The Atlantic

The Health Battle Behind America's Next Milk Trend

An ancient variety of milk might do wonders for digestion—or it could be a money grab.
Source: Rich Pedroncelli / AP

Cow’s milk gets a bad rap. Over the past few decades, it’s been maligned for everything from fat and sugar levels to synthetic-hormone and antibiotic content. It has faced fierce competition from alternatives like almond milk and soy milk. But what if the most dangerous thing in a glass of milk all this time has been something much more elemental?

This was the question puzzling the New Zealand scientists Bob Elliott and Corran McLachlan in 1993, when their studies of Type 1 diabetes and heart disease pointed to milk as an unlikely culprit—specifically, a variety of milk known to scientists as A1, the ubiquitous variety stocked in most of the world’s grocery stores. A1, the research suggested, produces inflammatory compounds in the human digestive system that can cause mild symptoms like stomach pain, or much worse.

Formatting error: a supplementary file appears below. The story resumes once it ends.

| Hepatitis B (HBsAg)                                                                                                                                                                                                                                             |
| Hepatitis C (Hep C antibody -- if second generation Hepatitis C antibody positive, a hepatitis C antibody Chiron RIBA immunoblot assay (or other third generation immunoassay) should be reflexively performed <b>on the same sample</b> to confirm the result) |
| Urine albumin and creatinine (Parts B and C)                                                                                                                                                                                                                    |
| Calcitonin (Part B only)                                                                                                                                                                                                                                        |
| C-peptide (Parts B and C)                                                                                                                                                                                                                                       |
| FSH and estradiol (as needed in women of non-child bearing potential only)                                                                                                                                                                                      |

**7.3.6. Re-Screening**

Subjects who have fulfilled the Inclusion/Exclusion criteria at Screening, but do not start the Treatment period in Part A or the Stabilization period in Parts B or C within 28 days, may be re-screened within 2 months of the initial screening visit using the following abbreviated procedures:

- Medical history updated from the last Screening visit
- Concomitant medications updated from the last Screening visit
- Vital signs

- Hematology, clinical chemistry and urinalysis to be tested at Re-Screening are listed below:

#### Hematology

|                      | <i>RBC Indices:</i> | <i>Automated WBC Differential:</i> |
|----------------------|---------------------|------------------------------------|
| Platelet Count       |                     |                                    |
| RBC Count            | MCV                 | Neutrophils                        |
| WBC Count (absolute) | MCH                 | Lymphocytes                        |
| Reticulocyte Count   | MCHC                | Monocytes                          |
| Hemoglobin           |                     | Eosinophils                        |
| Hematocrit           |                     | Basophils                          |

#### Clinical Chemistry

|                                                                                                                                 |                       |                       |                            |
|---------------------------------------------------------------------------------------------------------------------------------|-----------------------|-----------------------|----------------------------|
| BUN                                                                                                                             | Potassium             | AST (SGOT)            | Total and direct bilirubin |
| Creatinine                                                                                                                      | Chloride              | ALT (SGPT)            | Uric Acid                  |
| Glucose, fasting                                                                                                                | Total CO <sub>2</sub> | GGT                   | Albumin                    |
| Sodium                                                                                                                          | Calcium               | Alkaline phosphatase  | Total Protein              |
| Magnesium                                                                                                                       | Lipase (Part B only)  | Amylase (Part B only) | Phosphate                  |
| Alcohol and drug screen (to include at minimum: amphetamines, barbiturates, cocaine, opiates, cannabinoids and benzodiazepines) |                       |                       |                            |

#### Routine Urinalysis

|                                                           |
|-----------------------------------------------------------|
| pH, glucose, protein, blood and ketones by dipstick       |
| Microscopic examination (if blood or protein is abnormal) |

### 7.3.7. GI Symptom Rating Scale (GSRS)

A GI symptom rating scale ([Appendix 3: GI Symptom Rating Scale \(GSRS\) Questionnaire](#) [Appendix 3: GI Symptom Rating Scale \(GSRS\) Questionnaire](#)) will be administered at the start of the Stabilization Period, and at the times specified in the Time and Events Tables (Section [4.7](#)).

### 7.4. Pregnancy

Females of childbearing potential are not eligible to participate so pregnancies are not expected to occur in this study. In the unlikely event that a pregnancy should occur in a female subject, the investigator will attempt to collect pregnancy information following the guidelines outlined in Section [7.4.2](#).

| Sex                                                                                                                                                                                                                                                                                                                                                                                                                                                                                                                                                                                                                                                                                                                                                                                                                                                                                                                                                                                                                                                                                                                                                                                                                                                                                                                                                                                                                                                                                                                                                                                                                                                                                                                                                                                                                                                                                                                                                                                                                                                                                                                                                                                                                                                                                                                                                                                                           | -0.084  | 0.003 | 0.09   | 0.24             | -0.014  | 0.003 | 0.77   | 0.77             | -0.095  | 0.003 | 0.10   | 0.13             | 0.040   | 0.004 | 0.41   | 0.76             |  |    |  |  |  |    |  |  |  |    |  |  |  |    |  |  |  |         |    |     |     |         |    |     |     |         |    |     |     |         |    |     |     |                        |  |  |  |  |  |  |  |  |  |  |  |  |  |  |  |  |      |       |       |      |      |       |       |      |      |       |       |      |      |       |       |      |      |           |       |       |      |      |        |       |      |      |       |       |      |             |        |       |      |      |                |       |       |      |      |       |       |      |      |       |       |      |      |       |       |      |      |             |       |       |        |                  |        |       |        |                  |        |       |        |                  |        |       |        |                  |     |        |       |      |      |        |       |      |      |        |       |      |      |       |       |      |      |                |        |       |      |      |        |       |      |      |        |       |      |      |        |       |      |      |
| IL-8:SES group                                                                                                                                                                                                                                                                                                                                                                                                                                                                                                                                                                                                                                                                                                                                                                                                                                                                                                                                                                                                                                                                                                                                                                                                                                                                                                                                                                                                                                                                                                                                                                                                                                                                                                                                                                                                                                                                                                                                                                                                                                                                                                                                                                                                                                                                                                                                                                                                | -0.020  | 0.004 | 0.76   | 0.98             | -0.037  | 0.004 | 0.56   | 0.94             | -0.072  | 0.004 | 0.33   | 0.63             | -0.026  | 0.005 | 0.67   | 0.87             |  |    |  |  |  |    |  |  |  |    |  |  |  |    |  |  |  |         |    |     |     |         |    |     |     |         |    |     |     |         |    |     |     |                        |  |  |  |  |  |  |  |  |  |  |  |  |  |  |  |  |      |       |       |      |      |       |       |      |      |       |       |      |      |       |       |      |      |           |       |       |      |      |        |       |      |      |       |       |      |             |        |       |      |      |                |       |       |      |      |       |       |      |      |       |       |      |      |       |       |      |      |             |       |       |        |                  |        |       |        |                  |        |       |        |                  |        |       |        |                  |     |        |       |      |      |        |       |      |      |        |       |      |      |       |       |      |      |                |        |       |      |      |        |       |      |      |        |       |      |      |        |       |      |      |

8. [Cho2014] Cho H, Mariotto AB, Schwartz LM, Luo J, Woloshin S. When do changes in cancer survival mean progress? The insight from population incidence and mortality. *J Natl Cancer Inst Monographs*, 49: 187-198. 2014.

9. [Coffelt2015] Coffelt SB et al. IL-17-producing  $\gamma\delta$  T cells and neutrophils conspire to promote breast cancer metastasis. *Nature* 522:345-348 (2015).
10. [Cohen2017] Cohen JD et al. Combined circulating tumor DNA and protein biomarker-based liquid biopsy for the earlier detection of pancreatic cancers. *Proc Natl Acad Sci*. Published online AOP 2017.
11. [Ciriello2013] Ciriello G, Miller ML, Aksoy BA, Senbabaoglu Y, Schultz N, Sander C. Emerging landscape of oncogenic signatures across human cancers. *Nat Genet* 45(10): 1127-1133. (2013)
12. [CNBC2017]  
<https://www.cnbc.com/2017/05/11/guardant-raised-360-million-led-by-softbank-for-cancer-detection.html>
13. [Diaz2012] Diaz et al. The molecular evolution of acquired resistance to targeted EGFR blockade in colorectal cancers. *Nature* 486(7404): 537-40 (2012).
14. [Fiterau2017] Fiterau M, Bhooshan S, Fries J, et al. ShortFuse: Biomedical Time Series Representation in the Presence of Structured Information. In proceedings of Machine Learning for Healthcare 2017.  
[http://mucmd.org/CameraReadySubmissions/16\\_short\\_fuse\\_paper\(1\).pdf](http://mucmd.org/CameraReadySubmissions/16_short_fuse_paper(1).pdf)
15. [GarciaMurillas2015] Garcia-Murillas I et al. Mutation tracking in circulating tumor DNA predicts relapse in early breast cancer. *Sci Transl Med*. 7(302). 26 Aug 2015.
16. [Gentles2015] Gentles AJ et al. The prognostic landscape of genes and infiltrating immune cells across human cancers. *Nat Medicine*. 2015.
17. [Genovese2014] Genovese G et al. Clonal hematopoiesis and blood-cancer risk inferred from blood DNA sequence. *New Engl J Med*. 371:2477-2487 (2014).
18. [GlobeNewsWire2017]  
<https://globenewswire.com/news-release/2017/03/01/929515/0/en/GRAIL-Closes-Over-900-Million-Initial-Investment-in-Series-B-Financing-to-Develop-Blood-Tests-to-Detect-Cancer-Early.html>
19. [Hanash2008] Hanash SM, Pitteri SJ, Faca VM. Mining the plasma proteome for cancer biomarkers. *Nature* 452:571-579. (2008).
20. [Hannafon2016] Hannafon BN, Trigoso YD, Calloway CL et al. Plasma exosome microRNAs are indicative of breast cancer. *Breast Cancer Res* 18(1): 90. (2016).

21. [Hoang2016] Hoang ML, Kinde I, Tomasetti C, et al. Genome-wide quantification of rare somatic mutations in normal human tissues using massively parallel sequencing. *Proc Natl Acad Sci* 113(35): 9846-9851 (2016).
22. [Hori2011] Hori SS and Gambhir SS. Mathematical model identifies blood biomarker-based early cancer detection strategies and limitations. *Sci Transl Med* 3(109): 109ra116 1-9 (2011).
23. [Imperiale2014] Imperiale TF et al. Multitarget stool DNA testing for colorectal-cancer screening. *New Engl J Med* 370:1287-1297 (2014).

The research also showed, however, that a second type of milk—a variation known as A2—did not have these effects. McLachlan posited that A2 could be better for overall health, and maybe even digestible by those who consider themselves lactose intolerant.

In 2000, McLachlan teamed up with the billionaire farmer and entrepreneur Howard Paterson

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